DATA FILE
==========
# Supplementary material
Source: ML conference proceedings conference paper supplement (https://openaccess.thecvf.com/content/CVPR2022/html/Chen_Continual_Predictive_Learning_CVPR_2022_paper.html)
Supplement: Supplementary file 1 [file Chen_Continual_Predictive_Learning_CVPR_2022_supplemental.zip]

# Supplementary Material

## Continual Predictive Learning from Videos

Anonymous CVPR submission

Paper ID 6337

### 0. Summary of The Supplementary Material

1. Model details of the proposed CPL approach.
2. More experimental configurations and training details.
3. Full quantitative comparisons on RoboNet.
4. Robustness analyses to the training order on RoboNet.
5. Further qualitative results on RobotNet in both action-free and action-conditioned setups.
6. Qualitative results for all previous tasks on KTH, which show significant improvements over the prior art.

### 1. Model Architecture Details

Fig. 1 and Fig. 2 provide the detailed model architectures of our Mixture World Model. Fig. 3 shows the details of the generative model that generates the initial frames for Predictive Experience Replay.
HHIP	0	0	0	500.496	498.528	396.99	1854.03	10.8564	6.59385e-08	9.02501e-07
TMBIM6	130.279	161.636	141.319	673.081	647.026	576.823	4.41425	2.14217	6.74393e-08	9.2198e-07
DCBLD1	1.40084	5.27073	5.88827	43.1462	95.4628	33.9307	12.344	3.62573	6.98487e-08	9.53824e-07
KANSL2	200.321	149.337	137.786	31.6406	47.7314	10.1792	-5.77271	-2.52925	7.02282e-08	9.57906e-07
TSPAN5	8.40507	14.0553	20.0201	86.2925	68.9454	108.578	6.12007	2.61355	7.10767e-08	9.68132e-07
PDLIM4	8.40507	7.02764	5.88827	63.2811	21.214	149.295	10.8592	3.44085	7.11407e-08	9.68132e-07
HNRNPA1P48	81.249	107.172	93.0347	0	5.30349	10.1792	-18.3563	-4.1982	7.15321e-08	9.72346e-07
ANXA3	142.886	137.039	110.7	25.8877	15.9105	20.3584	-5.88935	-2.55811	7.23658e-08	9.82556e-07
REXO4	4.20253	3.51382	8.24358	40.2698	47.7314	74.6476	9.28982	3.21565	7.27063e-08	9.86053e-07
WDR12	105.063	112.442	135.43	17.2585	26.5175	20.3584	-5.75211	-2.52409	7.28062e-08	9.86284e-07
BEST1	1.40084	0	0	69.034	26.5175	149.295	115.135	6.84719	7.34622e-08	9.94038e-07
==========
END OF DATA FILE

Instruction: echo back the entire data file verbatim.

# Supplementary material
Source: ML conference proceedings conference paper supplement (https://openaccess.thecvf.com/content/CVPR2022/html/Chen_Continual_Predictive_Learning_CVPR_2022_paper.html)
Supplement: Supplementary file 1 [file Chen_Continual_Predictive_Learning_CVPR_2022_supplemental.zip]

# Supplementary Material

## Continual Predictive Learning from Videos

Anonymous CVPR submission

Paper ID 6337

### 0. Summary of The Supplementary Material

1. Model details of the proposed CPL approach.
2. More experimental configurations and training details.
3. Full quantitative comparisons on RoboNet.
4. Robustness analyses to the training order on RoboNet.
5. Further qualitative results on RobotNet in both action-free and action-conditioned setups.
6. Qualitative results for all previous tasks on KTH, which show significant improvements over the prior art.

### 1. Model Architecture Details

Fig. 1 and Fig. 2 provide the detailed model architectures of our Mixture World Model. Fig. 3 shows the details of the generative model that generates the initial frames for Predictive Experience Replay.
HHIP	0	0	0	500.496	498.528	396.99	1854.03	10.8564	6.59385e-08	9.02501e-07
TMBIM6	130.279	161.636	141.319	673.081	647.026	576.823	4.41425	2.14217	6.74393e-08	9.2198e-07
DCBLD1	1.40084	5.27073	5.88827	43.1462	95.4628	33.9307	12.344	3.62573	6.98487e-08	9.53824e-07
KANSL2	200.321	149.337	137.786	31.6406	47.7314	10.1792	-5.77271	-2.52925	7.02282e-08	9.57906e-07
TSPAN5	8.40507	14.0553	20.0201	86.2925	68.9454	108.578	6.12007	2.61355	7.10767e-08	9.68132e-07
PDLIM4	8.40507	7.02764	5.88827	63.2811	21.214	149.295	10.8592	3.44085	7.11407e-08	9.68132e-07
HNRNPA1P48	81.249	107.172	93.0347	0	5.30349	10.1792	-18.3563	-4.1982	7.15321e-08	9.72346e-07
ANXA3	142.886	137.039	110.7	25.8877	15.9105	20.3584	-5.88935	-2.55811	7.23658e-08	9.82556e-07
REXO4	4.20253	3.51382	8.24358	40.2698	47.7314	74.6476	9.28982	3.21565	7.27063e-08	9.86053e-07
WDR12	105.063	112.442	135.43	17.2585	26.5175	20.3584	-5.75211	-2.52409	7.28062e-08	9.86284e-07
BEST1	1.40084	0	0	69.034	26.5175	149.295	115.135	6.84719	7.34622e-08	9.94038e-07